Other states can pick a president too

With all due respect to the citizens of Iowa, New Hampshire, and South Carolina, how is it fair that they get such disproportionate power over the rest of us every election cycle? Why should some states always be given greater influence to determine the presidential nominee, over and over again?

primaries_early.jpgI’m getting ready to vote, but my two favorite candidates have already dropped out, because these other privileged states have already determined them not to be viable. Same thing happened in 2004. Same states.

It’s time to shake up that unfair influence. The privilege of picking the “viable” nominees should be on a rotation, not just given to the same select voters every time.

Here’s the Tom Ryberg proposal:

Every four years, the major parties pick three different states to go first: one coastal, one midwestern, and one southern. All others vote on Super Tuesday, or thereafter.

Think I’m onto something? Tired of voting after it’s all but been predetermined for you already? Tell them about it (and while you’re at it, tell them too).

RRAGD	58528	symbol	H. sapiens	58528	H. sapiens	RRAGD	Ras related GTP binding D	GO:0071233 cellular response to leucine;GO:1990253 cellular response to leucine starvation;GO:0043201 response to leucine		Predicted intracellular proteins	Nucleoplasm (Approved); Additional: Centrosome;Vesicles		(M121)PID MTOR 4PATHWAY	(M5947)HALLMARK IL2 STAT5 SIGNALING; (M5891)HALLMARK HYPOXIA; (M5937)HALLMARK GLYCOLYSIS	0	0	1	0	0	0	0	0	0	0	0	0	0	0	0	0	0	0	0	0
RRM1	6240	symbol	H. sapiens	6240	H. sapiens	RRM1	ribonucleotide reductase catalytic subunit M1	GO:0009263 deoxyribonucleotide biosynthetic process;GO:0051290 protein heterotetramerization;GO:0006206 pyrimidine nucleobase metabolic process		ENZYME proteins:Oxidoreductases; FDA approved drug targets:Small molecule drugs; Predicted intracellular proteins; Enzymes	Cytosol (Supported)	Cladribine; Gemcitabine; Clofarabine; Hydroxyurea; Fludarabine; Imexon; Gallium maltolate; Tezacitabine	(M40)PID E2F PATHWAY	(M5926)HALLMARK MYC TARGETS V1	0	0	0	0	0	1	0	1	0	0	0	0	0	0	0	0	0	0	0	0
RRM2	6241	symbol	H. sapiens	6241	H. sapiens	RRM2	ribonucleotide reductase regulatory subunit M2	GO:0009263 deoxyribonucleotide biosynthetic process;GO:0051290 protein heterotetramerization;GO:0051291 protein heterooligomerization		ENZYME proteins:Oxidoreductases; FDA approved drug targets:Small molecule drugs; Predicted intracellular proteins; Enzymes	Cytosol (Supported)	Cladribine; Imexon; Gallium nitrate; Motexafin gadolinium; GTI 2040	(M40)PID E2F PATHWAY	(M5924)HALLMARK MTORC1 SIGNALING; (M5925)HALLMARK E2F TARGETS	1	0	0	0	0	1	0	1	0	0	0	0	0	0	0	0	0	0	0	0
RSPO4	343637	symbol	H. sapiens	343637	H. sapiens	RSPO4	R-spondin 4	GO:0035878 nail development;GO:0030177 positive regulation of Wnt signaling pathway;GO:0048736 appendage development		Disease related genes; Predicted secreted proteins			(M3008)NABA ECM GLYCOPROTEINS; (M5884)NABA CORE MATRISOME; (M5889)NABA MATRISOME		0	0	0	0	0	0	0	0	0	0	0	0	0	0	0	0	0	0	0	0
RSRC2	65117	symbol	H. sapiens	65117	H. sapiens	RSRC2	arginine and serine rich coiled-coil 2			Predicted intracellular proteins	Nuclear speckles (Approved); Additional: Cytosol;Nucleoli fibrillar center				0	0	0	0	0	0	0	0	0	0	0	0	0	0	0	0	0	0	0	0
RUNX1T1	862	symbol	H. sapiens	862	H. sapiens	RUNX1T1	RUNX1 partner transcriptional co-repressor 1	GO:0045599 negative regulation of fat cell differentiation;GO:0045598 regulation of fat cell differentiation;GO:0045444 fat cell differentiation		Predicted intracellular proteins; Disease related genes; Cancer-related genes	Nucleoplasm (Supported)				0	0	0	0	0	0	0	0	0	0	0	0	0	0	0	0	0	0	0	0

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5 Responses to “Other states can pick a president too”

  1. underdog Says:

    the cowards who dropped out are the reason you are not voting for them.

    why dont you go ask your favorite candidates why they don’t have the courage to stay in the fight

  2. Tony Steidler-Dennison Says:

    Your argument that the early states have disproportionate power has already been completely shot down in ’08. There was no clear front-runner in either party coming out of the early states. There still isn’t. And, it’s likely that only the Republican nominee will be decided after Super Tuesday – in practice, a national primary day.

    That some of the candidates have dropped out is more a matter of economics, message and the media than the undue influence of a few small states. And, since the first two elements rely heavily on the last, your disdain for the early states might be better directed at the ABC, CBS, NBC, CNN, MSNBC, etc. On both sides of the aisle, all the major media outlets appear to have picked the front-runners. The rest – the unchosen few – receive disproportionately less coverage. At best, they get coverage that only seems to slyly emphasize their perceived lack of viability.

    The advantage of the early states is something all candidates benefit from, regardless of party. They’re toughened by the rough-and-tumble of face-to-face politics. They have to get out and meet voters. They have to answer real questions from real people. Without the early states, the primary campaigns would be a television-only affair, a long arms-length from the concerns of real citizens.

    One more thought. If either party saw the early states as hefting an undue amount of influence on the races, you can bet the schedules would change radically. Even they understand the value and purpose of the forge.

  3. Tom Ryberg Says:

    Hey, welcome to you both.